The passage in question is 608d. Here is Bloom's translation:

"Haven't you perceived," I said, "that our soul is immortal and is never destroyed?"

And he looked me in the face with wonder and said, "No, by Zeus, I haven't. Can you say that?"

Sunday, March 23, 2008

Atlantis: Timaeus 20c–26e

Truth is strange, not just stranger than fiction,
But a good story is a goodly store
Of truth when heard from a friend of a friend.
A good story—beginning, middle, end—
Makes philosophers kings, but no rhetor
Here looks so good and speaks with a diction
Sufficient to get around the truth of
The matter: Only in the olden days
Were men so good with laws to make stories
Out of them. One of Numenor’s glories,
So the myth goes, taught that he who obeys
Pleases the gods and those whom the gods love.

Sunday, March 16, 2008

How Not to Start a Party: Timaeus 17a–20c

When one of us misses the feast, the others must pick up the slack in proportion and fill in what’s now left out. When one of us happens to miss, I’m sure the guest host says to himself, “Well, now, this is awkward.” And the reputable etiquette guides all counsel never to count on proportions turning out the way we know they should. But how one could know all this at the beginning, is not easy for two or three to say.

“Did you all remember your assignments?” is not what I want to hear at a party. And then, afterward, my friend asks, “What kind of party was it, anyway?” But there I was, the life of it. If I were someone else, I’d want to shoot myself for that.

When the conversation turns to politics: We all know what the etiquette guides say about that (even the disreputable ones agree): “Subtly turn the conversation to something more suitable.” Are there any good movies you’d like to see? A war movie? My, I didn’t think you were into those sorts of things.

(Take my advice: A languishing party, like a sleeping tiger at the zoo—not the sort of thing to engender much enthusiasm. Best at that point to start drinking or leave. Whatever happens next, won’t be worth remembering.)

An Occasional Series

I'm going to start an occasional series of poems inspired by Plato's Timaeus. The first entry follows. (Caveat lector: No one said it will be good poetry.)

Saturday, March 15, 2008

Jones Watch 2008

This doesn't exactly inspire confidence.

The Tigers closer pitched a perfect inning against a major league club for the first time this spring Thursday, lowering his ERA from 24.55 to 19.29.
. . . .
In his one inning against the Braves, he got two pop outs and a ground out.

Let's see: two pop outs and a ground out. That's exactly what I want in a closer. Strike outs? Overrated.

Monday, March 10, 2008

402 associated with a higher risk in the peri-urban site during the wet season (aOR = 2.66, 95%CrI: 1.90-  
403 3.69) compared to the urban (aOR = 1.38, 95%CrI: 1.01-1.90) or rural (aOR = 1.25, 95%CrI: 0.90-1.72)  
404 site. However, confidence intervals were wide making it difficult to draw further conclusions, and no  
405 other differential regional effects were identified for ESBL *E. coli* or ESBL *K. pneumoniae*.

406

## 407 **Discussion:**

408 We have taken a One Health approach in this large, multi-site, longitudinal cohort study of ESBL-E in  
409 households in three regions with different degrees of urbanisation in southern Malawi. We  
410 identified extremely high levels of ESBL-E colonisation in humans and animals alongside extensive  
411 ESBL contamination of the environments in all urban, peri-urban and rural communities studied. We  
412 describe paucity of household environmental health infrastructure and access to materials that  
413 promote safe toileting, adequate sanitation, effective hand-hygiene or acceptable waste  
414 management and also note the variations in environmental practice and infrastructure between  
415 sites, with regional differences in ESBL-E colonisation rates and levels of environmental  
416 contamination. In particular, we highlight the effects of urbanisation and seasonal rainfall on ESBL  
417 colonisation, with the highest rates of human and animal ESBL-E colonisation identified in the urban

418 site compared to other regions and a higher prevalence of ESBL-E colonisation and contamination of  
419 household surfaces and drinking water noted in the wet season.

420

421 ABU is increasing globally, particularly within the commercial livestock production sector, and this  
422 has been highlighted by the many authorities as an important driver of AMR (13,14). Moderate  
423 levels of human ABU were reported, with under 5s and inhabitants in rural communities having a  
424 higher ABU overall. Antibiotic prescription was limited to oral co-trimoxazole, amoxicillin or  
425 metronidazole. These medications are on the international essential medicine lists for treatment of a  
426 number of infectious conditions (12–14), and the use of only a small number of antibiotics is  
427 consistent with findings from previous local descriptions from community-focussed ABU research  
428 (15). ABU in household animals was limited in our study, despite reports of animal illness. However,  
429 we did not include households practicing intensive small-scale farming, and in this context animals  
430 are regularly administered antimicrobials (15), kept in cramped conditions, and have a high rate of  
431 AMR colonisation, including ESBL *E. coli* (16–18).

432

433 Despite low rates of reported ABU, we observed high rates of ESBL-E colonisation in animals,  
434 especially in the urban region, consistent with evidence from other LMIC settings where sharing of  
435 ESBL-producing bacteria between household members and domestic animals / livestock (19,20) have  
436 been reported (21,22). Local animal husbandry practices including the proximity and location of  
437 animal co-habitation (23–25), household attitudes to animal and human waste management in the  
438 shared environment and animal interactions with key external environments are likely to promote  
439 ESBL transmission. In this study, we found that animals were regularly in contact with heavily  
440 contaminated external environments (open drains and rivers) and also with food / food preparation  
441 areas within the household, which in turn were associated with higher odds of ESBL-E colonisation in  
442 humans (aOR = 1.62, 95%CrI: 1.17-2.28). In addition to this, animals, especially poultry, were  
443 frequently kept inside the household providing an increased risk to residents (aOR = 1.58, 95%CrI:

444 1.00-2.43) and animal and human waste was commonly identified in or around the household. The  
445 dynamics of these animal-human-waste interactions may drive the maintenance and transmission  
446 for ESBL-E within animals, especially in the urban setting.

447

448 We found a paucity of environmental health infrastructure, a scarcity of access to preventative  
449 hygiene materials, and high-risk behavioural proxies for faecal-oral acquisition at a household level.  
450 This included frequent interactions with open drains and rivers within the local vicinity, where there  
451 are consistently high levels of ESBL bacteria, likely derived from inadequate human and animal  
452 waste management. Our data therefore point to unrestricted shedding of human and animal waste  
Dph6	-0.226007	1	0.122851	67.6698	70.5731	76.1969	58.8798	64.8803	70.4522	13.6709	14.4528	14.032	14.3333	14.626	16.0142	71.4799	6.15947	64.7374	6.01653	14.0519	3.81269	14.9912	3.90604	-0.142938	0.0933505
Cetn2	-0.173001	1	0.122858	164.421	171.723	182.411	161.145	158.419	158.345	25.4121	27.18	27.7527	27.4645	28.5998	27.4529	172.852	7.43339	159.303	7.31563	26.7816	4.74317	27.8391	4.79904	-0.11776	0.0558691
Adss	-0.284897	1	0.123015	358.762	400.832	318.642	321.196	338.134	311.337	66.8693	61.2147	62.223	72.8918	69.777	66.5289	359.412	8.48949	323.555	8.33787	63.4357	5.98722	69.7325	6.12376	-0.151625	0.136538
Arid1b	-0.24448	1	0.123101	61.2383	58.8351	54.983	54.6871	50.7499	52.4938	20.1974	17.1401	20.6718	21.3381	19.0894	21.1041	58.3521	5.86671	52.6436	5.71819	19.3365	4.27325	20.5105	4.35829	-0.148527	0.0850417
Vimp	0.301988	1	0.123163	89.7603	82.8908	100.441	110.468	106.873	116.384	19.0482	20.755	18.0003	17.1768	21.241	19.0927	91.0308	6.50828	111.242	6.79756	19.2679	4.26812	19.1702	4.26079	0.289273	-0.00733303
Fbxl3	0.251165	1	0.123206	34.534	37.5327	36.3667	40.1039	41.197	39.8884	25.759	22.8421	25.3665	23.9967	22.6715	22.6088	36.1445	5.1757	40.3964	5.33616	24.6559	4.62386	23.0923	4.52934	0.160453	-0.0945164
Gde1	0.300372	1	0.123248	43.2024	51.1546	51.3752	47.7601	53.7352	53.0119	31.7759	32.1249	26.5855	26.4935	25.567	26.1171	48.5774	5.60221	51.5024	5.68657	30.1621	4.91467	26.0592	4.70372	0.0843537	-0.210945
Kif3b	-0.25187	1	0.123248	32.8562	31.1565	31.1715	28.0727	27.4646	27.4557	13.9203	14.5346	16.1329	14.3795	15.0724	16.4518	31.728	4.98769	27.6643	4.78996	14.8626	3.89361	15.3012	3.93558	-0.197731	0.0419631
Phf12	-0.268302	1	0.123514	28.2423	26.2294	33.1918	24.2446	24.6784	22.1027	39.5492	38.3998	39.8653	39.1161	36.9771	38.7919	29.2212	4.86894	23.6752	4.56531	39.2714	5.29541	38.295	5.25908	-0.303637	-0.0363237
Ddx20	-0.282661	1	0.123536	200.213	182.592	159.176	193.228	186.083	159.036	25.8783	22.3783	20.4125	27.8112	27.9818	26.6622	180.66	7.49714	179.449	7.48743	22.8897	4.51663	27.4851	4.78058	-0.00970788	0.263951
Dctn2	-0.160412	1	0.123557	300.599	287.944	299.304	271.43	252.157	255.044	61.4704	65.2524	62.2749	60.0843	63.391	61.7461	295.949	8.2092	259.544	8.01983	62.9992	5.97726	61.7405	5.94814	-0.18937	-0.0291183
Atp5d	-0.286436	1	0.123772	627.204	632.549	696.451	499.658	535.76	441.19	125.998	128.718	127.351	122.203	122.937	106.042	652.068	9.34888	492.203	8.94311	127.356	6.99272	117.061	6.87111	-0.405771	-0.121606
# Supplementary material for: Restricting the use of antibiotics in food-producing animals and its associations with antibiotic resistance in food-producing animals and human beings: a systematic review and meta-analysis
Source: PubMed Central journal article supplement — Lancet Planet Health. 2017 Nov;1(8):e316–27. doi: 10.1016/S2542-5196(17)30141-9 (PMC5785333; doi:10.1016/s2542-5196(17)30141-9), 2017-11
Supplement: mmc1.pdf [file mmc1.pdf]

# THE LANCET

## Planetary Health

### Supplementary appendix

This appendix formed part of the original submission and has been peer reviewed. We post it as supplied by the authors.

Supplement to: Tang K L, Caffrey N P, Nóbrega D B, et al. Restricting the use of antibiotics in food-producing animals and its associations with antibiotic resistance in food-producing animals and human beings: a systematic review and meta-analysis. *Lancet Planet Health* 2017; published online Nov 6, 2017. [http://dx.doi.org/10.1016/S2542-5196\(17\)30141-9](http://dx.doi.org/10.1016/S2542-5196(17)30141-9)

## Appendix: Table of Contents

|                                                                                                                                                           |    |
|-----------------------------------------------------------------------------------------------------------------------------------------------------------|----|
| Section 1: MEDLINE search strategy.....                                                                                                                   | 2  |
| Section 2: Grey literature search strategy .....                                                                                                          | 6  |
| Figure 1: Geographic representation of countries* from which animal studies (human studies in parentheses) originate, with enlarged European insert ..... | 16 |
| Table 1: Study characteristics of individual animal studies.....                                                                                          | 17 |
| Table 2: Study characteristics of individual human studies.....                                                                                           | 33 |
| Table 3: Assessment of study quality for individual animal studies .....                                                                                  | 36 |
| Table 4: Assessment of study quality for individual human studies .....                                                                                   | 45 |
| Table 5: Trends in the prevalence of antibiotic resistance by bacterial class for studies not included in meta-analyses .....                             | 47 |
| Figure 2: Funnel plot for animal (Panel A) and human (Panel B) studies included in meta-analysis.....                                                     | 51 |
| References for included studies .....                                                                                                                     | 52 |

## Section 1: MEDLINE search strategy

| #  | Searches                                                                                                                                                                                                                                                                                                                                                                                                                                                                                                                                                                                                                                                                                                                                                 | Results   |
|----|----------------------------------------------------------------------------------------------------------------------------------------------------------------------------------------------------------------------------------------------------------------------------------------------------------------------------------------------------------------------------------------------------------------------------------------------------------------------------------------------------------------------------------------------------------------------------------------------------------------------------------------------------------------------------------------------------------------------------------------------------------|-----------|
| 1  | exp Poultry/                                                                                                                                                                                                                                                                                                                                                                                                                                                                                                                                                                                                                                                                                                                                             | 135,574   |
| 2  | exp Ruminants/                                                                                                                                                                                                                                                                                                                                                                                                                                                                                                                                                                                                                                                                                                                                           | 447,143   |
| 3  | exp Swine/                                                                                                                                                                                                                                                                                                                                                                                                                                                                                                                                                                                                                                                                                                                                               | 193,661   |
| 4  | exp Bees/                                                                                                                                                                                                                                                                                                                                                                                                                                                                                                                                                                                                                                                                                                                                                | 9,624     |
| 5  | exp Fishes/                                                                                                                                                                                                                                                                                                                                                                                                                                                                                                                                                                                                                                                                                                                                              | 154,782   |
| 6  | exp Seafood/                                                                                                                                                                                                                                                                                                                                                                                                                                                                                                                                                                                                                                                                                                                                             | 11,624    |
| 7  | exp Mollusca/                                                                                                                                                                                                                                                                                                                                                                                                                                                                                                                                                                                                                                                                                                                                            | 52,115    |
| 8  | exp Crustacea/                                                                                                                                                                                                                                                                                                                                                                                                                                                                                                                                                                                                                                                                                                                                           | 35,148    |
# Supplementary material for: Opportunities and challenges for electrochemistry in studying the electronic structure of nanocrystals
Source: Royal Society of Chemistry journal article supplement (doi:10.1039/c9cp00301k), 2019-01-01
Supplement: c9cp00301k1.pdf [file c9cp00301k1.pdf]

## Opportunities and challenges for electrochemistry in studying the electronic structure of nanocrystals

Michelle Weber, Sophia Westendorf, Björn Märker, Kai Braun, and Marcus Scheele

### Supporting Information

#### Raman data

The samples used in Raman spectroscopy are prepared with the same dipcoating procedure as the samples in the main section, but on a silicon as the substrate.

In his (in)famous article, "The Social Responsibility of Business Is to Increase Its Profits," Milton Friedman argues that businesses are not the sort of thing that can have responsibilities. Only people, says Friedman, have responsibilities.

But why not say that he's got it backwards? One should reason that since people have responsibilities and since businesses are (at least partially) composed of people that businesses have responsibilities, too.

Or at the very least, Friedman should give us an argument that the reasoning should run in the direction he says it does and not the other way around. But he doesn't.

Thursday, March 06, 2008

A Post! A Very Palpable Post!

Now that spring training is under way, there's something to live for again.

Anyway, the Tigers held a charity auction in which the winner gets to sit in the dugout with Tigers manager Jim Leyland during a spring training game and make managerial decisions. The winner, one Steve Nagengast, said he didn't think he knew enough about baseball to make it as a big-league manager. Leyland replied that Nagengast shouldn't be too hard on himself since the media think anyone can do the job. The kicker:

Leyland, a longtime smoker, then added he'd probably have Nagengast chain-smoking by the third inning. "If you want to be the real Jim Leyland," Leyland said, "you better bring a carton of Marlboros."

Cover the children's ears lest they start puffing away trying to be the real Jim Leyland! I'm sure Leyland got a call from the commissioner's office for that comment.

But we can have some fun with this formula: "If you want to be the real _________, you better bring _________."

I'll go first with an obvious one: If you want to be the real Roger Clemens, you better bring a good supply of needles.

Wednesday, March 05, 2008


Kelly tagged me.

(1) One book that changed your life. Plato's Timaeus
(2) One book that you have read more than once. Plato's Timaeus
(3) One book you would want on a desert island (besides the Bible). Plato's Timaeus
(4) Two books that made you laugh. Plato's Timaeus and Ion